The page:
Investigating the Impact of Tailored Reports on Anxiety
- Based on a randomised trial the researchers aimed to model use of leaflets in the home
as a function of three factors:
1. whether patients chose the information themselves or if it was chosen for them;
2. whether it included personal information from their own medical record or not;
3. whether it included anxiety management advice or not.
- The researchers aimed to model patient and confidant's anxiety at three months as a
function of these three factors and patients' use of leaflets in the home.
Patient Population: Beatson Oncology Centre (BOC). Patients thought to be eligible were to
be identified from outpatient appointment diaries over fifteen months. Medical records were
to be checked for all those initially identified to ensure that patients have breast,
gynaecological, prostate or bladder or testicular, or selected cancers of the head or neck.
Patients excluded were to be those:
- receiving palliative treatment,
- with no knowledge or understanding of their diagnosis (very few),
- with visual or mental handicap,
- with severe pain or symptoms causing distress,
- medical or nursing students,
- taking part in other trials with possibly confounding interventions, and
- those not giving informed consent.
Sample size: The researchers aimed to recruit 400 patients. This was to give 80% power to
find a difference between 40% and 27% who have improved anxiety between (eg) 200 in
personalised group and 200 in general group.
Recruitment: Eligible patients were to be sent a letter explaining the study and advising
them that a researcher will approach them in a visit to the BOC soon after, to seek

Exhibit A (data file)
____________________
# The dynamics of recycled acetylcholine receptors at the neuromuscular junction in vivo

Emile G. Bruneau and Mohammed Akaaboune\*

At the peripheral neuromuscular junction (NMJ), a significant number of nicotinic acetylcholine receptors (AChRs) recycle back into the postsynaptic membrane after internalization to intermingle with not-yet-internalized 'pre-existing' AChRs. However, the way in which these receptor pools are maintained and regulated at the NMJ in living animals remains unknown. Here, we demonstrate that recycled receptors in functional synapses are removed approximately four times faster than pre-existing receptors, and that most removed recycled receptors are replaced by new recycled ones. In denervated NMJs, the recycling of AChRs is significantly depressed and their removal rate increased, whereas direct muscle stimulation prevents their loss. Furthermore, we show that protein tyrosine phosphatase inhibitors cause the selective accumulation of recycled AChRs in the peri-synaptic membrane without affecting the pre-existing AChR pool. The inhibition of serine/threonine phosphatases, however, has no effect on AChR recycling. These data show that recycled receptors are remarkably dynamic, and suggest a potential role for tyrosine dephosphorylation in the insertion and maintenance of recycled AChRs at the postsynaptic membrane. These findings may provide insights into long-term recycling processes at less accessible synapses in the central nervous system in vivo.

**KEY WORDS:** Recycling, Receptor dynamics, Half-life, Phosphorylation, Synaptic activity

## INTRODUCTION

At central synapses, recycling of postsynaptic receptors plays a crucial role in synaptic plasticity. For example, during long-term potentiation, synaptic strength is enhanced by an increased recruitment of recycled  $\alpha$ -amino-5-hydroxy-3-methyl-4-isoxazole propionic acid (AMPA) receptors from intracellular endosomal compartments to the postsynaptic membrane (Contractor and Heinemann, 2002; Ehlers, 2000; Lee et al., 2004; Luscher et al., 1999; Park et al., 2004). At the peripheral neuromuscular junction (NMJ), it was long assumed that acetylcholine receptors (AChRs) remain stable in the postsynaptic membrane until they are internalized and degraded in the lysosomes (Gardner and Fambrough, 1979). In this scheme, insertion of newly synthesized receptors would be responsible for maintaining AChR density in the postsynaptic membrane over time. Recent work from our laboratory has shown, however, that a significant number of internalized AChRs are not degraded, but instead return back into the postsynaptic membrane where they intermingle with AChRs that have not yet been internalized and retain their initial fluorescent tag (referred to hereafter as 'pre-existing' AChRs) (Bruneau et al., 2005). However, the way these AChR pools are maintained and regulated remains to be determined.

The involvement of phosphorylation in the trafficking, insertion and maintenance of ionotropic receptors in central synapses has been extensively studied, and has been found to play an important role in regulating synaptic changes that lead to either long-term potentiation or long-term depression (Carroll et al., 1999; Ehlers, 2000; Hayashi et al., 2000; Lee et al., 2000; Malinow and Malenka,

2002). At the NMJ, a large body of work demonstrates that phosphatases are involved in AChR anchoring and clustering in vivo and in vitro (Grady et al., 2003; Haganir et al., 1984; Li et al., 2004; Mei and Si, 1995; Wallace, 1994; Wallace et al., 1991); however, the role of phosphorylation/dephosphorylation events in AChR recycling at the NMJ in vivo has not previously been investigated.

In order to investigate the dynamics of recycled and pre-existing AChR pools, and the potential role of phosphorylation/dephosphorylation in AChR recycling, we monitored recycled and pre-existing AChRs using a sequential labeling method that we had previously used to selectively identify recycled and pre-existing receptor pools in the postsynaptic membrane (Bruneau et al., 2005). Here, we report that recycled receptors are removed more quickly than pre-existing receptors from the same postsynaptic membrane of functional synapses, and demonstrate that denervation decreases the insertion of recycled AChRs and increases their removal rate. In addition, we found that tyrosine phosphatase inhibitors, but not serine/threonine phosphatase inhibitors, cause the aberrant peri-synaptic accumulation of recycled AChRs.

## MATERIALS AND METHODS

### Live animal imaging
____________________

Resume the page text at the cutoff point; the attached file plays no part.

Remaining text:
participation in the study. Patients were not to be recruited at their bad news consultation
but as soon as possible thereafter and at any point in their course of contact and treatment
at the Beatson. At recruitment the researcher was to further explain the study and seek
written consent. If the patient consented the researcher was to arrange a time for the
intervention and give the patient a questionnaire to take home to complete themselves and a
questionnaire for their 'confidant'.
Baseline data: Patients were to be asked to bring the completed questionnaire with them to
the intervention consultation about one week later. The questionnaire included the following
1. previous computer and information use, perceived knowledge, significant others in
providing emotional support, family and living arrangements,
2. a Hospital Anxiety and Depression Scale (HADS),
3. a Miller Coping Style questionnaire,
4. Helgeson's measures of social support and negative interactions.
Completion of this questionnaire should have taken about half an hour at home.
Confidants: The researchers aimed to recruit 400 'confidants', one for each patient (but
estimated that it were more likely to recruit (say) 60% of 400. Patients were to be asked if
they were prepared to pass on the baseline questionnaire to a person selected by them as the
person they are most likely to use to seek emotional support. This may be a husband, wife,